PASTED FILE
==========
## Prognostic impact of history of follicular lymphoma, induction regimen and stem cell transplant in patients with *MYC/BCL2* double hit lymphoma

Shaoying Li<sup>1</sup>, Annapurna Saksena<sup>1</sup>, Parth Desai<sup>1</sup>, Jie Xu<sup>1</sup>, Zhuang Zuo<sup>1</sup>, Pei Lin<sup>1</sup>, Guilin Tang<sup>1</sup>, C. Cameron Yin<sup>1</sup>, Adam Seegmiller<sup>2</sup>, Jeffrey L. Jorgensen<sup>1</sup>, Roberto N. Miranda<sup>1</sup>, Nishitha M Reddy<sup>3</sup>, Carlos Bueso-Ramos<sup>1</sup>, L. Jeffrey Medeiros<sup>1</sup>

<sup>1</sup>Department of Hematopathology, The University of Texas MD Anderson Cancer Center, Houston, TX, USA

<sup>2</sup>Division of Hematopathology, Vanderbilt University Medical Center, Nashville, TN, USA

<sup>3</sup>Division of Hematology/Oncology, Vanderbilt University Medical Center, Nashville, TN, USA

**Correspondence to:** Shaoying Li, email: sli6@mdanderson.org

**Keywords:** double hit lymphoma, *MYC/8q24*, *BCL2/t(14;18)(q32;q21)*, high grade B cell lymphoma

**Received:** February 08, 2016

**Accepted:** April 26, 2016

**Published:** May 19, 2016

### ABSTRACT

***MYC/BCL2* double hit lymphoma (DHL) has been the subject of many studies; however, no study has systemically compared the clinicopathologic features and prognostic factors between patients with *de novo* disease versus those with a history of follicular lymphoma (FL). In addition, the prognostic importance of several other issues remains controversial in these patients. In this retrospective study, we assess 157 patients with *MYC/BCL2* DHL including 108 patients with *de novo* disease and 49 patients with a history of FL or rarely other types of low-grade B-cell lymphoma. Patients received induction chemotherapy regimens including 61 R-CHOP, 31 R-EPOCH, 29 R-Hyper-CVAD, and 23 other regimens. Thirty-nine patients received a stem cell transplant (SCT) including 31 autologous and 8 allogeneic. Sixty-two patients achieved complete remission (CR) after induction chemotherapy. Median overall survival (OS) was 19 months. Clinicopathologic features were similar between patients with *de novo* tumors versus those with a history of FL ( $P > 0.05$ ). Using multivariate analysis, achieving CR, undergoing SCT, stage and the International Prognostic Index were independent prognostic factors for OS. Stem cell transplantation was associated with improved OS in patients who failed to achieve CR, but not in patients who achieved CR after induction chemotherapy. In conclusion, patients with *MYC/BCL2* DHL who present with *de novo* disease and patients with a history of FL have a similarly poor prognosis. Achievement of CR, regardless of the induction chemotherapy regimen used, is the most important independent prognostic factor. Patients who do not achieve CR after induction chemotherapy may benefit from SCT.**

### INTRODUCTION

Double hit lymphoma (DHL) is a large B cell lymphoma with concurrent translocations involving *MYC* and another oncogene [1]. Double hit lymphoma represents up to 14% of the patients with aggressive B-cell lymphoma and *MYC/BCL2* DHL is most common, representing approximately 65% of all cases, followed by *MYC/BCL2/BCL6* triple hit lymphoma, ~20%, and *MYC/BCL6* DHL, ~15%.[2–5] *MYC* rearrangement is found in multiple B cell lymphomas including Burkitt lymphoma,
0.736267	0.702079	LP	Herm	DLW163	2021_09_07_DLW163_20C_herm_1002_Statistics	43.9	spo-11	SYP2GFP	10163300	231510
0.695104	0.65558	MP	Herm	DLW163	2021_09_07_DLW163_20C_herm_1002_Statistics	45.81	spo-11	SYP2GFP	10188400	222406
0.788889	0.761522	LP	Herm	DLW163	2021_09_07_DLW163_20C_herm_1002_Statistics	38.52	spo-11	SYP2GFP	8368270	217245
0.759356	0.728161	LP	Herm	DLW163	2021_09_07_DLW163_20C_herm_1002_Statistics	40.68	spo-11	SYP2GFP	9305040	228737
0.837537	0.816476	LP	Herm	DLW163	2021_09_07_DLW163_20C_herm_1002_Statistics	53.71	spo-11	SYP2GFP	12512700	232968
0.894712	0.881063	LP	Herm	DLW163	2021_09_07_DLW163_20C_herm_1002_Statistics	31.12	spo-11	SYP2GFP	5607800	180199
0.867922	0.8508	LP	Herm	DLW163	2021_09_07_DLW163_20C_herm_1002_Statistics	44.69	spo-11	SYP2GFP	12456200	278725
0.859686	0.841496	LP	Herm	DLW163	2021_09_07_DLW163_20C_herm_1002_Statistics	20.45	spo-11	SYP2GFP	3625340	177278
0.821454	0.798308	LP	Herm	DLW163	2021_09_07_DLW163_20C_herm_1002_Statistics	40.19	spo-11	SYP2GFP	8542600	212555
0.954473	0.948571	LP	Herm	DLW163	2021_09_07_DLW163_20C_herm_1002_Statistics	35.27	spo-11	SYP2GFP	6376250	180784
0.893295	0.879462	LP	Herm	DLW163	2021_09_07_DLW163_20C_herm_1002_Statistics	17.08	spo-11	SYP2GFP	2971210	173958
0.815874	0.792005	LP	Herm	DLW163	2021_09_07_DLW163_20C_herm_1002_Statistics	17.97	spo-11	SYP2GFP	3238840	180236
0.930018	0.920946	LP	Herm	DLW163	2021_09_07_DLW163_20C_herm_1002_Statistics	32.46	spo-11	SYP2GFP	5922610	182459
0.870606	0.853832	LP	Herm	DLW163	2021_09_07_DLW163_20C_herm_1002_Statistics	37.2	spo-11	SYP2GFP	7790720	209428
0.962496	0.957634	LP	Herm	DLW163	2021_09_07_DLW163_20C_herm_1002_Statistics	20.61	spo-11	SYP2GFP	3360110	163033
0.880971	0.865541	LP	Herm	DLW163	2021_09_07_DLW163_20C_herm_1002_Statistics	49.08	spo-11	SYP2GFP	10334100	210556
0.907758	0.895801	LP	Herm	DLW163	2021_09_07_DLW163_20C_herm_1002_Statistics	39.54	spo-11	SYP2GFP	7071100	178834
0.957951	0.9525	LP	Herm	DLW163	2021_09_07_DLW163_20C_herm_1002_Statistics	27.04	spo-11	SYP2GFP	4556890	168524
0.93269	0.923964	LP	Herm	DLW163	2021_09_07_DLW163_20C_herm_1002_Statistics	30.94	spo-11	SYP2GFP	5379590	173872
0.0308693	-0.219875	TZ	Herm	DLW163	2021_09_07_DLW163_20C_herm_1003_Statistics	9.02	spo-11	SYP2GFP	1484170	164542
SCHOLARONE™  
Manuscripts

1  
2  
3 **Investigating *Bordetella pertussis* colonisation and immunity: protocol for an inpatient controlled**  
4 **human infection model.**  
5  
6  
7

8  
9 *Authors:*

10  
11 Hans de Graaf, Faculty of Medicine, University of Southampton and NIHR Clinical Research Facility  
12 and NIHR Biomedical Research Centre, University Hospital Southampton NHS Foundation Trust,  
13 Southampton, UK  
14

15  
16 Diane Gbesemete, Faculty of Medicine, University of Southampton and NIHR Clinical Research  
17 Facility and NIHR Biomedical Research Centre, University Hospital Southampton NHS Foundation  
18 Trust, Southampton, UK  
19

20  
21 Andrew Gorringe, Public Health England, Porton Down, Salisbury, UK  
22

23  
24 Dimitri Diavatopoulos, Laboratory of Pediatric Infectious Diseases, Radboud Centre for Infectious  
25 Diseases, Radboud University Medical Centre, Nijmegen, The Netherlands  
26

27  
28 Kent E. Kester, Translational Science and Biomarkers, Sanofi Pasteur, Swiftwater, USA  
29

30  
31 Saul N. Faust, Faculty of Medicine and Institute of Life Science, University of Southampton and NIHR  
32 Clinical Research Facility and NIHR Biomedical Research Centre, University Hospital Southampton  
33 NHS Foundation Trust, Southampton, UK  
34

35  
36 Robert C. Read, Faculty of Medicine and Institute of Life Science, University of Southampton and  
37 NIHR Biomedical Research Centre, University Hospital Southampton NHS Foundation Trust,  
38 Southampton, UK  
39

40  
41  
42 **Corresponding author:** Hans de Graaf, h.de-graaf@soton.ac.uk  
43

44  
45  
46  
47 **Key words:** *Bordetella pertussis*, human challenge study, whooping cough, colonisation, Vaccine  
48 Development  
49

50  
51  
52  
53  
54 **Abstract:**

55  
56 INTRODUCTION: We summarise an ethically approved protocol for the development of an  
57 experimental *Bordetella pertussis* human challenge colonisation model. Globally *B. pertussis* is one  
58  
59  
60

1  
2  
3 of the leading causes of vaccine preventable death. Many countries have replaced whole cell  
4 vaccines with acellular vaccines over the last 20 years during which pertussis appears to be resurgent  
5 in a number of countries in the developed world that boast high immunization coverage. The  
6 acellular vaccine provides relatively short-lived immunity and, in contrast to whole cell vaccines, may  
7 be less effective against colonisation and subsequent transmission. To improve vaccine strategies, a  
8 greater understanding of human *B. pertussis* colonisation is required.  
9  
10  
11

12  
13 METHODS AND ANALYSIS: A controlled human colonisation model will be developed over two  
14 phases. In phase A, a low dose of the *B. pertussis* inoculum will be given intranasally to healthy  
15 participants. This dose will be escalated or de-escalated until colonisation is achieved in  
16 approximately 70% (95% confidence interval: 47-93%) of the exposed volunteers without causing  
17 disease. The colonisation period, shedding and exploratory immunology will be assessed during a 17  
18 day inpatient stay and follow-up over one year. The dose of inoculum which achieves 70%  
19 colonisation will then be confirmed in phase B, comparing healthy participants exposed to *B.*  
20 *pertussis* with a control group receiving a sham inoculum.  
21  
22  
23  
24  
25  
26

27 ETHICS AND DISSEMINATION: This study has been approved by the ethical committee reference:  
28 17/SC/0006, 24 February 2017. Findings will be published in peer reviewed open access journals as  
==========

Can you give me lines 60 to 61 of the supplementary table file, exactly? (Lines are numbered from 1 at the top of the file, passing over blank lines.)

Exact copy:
24 Dimitri Diavatopoulos, Laboratory of Pediatric Infectious Diseases, Radboud Centre for Infectious  
25 Diseases, Radboud University Medical Centre, Nijmegen, The Netherlands  